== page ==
DRUGS TRAJECTORIES II: PRODUCING SEX HORMONES, CONTROLLING REPRODUCTION.
Strasbourg, June 13-14th, 2003.
The history of drugs is far from being an uncharted territory in the history of science and medicine. A vast corpus of literature including histories of firms, biographies of great pharmacists, legal studies of drug regulation, as well as economic surveys have expanded in the past two decades. This literature has provided a vast corpus of information both on the industrialization of drug making, and on the use of chemical knowledge in order to synthesize molecules with interesting therapeutic properties. Our understanding of “drug as chemicals” however means that other important aspects in the history of drugs have been less discussed. These include the part played by the pharmaceutical industry in the development of clinical research, the paths followed in order to advance and use the biological sciences, as well as the impact of commercialization on the production of pharmaceutical knowledge.
Drugs are medical tools used for the management of diseases. They are at the same time industrial products, commercial goods, and research objects. One may describe this plurality by speaking of “boundary objects” circulating between heterogeneous worlds of practices. A convenient way to grasp this multifaceted nature of drugs is to concentrate on the history of specific compounds, thus cutting through the various drug-making worlds, combining the commercial, the medical, the legal, and the experimental.
Drug trajectories workshops gather papers concentrating on the history of one peculiar drug, or on set of related products. Rather than addressing the history of a company, a discipline, or a discovery, the aim of this workshop is to advance our understanding of the pharmaceutical seamless web, i.e. the complex links between biologists, medical practitioners, pharmacists, and drug manufacturers. Emphasis is placed on two related dimensions.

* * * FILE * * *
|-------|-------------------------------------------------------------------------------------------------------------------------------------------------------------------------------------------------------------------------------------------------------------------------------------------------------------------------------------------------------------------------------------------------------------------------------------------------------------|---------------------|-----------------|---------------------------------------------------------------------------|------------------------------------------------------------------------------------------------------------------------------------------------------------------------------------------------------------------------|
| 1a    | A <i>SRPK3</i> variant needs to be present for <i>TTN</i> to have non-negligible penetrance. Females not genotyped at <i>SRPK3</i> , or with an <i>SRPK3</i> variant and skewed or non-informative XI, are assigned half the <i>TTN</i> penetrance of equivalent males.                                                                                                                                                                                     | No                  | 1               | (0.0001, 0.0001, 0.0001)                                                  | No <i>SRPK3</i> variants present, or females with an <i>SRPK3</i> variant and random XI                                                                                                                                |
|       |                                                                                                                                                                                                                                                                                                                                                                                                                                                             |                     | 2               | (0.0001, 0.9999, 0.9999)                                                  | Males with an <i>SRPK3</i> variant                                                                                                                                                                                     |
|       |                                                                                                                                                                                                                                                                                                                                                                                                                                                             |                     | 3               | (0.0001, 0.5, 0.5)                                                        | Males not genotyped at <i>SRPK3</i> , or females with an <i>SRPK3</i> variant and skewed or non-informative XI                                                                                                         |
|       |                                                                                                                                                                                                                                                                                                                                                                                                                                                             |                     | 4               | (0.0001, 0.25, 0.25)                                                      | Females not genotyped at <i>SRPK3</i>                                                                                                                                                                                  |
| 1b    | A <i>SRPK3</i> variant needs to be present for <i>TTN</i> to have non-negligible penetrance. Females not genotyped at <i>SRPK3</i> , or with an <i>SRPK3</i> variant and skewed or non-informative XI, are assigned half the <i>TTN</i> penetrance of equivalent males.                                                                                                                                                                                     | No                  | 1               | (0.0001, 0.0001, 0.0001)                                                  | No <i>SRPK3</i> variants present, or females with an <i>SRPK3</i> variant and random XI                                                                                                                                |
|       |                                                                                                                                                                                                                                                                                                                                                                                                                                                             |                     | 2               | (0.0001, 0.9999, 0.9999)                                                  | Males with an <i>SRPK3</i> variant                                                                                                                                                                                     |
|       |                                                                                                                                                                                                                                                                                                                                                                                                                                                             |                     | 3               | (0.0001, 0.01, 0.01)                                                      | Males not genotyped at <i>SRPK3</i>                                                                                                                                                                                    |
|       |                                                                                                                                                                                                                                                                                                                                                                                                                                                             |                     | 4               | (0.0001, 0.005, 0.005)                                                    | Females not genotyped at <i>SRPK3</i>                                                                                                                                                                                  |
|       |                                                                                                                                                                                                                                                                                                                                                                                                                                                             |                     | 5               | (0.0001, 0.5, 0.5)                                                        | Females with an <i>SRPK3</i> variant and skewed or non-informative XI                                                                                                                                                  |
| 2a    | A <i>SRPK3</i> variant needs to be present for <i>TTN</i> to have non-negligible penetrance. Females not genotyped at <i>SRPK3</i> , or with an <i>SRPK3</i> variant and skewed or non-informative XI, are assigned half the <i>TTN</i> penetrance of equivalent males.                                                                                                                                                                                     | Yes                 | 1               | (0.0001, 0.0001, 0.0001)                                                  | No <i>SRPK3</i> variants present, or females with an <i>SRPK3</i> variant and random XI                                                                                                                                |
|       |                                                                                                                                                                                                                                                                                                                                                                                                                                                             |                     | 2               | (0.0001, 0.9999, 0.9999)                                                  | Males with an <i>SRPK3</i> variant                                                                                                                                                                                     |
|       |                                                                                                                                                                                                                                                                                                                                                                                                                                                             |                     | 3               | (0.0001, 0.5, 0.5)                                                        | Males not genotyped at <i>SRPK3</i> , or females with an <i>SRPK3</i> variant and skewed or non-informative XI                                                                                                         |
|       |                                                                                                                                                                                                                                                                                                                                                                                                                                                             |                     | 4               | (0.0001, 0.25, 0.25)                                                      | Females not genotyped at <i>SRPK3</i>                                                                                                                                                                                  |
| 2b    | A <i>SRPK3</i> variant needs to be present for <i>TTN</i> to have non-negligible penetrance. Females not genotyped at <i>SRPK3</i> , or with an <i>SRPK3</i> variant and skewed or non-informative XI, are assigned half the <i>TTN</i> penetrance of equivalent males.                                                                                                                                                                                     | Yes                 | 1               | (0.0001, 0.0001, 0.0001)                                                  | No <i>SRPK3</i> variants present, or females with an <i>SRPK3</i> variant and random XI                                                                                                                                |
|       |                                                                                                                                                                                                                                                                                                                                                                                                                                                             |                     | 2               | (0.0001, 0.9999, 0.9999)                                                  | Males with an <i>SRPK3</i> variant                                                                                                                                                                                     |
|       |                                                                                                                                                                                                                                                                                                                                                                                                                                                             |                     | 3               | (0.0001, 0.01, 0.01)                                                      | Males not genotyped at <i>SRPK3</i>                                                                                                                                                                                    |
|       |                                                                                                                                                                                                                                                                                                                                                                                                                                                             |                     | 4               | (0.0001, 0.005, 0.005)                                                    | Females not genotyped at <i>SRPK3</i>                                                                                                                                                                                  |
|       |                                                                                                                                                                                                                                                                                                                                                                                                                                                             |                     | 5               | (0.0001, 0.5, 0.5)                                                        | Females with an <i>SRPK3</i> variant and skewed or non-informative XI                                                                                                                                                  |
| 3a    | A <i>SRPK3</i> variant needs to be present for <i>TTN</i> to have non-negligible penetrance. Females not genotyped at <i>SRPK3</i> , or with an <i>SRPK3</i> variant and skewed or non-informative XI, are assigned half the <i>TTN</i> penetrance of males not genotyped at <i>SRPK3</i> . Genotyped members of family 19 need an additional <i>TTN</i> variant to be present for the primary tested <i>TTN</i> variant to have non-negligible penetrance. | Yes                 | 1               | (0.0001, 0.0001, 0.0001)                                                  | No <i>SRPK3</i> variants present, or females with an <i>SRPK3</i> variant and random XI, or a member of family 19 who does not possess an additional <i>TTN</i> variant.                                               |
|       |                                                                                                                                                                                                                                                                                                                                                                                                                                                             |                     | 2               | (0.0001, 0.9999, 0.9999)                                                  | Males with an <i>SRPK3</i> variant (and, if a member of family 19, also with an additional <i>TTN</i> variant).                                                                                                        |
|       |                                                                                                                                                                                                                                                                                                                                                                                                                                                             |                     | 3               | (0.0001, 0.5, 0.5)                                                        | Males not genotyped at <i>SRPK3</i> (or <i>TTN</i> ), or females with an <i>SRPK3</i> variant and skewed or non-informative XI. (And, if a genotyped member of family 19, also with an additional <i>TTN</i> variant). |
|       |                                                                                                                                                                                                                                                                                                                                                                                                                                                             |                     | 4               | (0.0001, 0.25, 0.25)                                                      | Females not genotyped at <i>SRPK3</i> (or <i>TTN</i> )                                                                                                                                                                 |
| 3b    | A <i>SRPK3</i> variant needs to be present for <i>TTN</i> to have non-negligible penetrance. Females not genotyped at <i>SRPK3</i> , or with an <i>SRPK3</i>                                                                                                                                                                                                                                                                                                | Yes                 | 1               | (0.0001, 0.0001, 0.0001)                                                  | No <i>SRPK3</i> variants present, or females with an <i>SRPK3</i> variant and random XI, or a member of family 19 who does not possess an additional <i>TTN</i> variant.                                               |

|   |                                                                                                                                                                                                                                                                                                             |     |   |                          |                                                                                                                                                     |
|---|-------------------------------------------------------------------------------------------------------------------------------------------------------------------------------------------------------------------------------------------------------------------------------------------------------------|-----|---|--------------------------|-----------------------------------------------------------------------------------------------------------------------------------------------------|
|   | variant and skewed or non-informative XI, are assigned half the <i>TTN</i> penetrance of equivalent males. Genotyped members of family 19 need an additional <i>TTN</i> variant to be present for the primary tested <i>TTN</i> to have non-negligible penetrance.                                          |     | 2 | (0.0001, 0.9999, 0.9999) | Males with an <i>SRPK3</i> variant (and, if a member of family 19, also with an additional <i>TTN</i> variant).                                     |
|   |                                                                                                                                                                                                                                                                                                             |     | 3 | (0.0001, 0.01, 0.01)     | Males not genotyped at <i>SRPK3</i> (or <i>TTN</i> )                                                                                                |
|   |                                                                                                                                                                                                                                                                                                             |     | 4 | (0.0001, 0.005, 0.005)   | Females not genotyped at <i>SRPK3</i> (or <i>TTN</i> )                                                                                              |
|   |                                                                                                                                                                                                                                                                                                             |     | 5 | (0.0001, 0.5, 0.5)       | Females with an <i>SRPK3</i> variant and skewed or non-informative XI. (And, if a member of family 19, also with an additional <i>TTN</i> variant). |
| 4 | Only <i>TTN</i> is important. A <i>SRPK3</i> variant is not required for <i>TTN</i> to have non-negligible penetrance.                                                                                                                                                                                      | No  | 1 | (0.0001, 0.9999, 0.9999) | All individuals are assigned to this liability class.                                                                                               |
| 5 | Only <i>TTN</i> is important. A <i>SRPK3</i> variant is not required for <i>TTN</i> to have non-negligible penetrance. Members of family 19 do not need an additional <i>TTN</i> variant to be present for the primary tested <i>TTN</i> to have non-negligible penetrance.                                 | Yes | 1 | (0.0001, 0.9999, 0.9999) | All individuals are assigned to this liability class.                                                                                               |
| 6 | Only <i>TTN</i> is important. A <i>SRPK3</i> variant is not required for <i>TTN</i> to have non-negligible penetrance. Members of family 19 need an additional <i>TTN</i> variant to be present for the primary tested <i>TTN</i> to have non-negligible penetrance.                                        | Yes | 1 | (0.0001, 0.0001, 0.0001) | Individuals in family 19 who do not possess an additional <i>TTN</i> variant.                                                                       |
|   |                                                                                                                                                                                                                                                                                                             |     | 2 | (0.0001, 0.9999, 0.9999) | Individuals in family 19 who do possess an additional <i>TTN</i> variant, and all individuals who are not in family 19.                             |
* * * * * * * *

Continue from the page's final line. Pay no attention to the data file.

Industrially synthesized chemical compounds are latecomers in the history of pharmacy. For a long time, a majority of drugs have been derivatives of biological material. For instance, the early industrialization of drug making was associated with the preparation of materia medica based on the collection and growing of plants. Turning pharmaceutical preparations into industrial goods thus implied the mechanization of drying, cutting, filtering, or transporting extracts. Moreover, critical categories of contemporary drugs including sera, vitamins, hormones or antibiotics originate in the preparation and purification of biological material. The workshop will contribute to a better understanding of the longue durée of biotechnology by focusing on the development of these “biologicals”.
The historiography of the life and medical sciences has recently benefited from renewed interests in the technological dimensions of medicine. The impact of peculiar instruments and techniques, often mass-produced, on the development of medical knowledge has been recognized as an important topic. This move has however barely changed the “push” and “pull” model often used to evaluate industrial innovation, especially when it comes to products of mass consumption. A second aim of the workshop is therefore to gather papers addressing the impact of industrial practices, including production as well as patenting or marketing, on the definition of what we know about drugs and how we use them.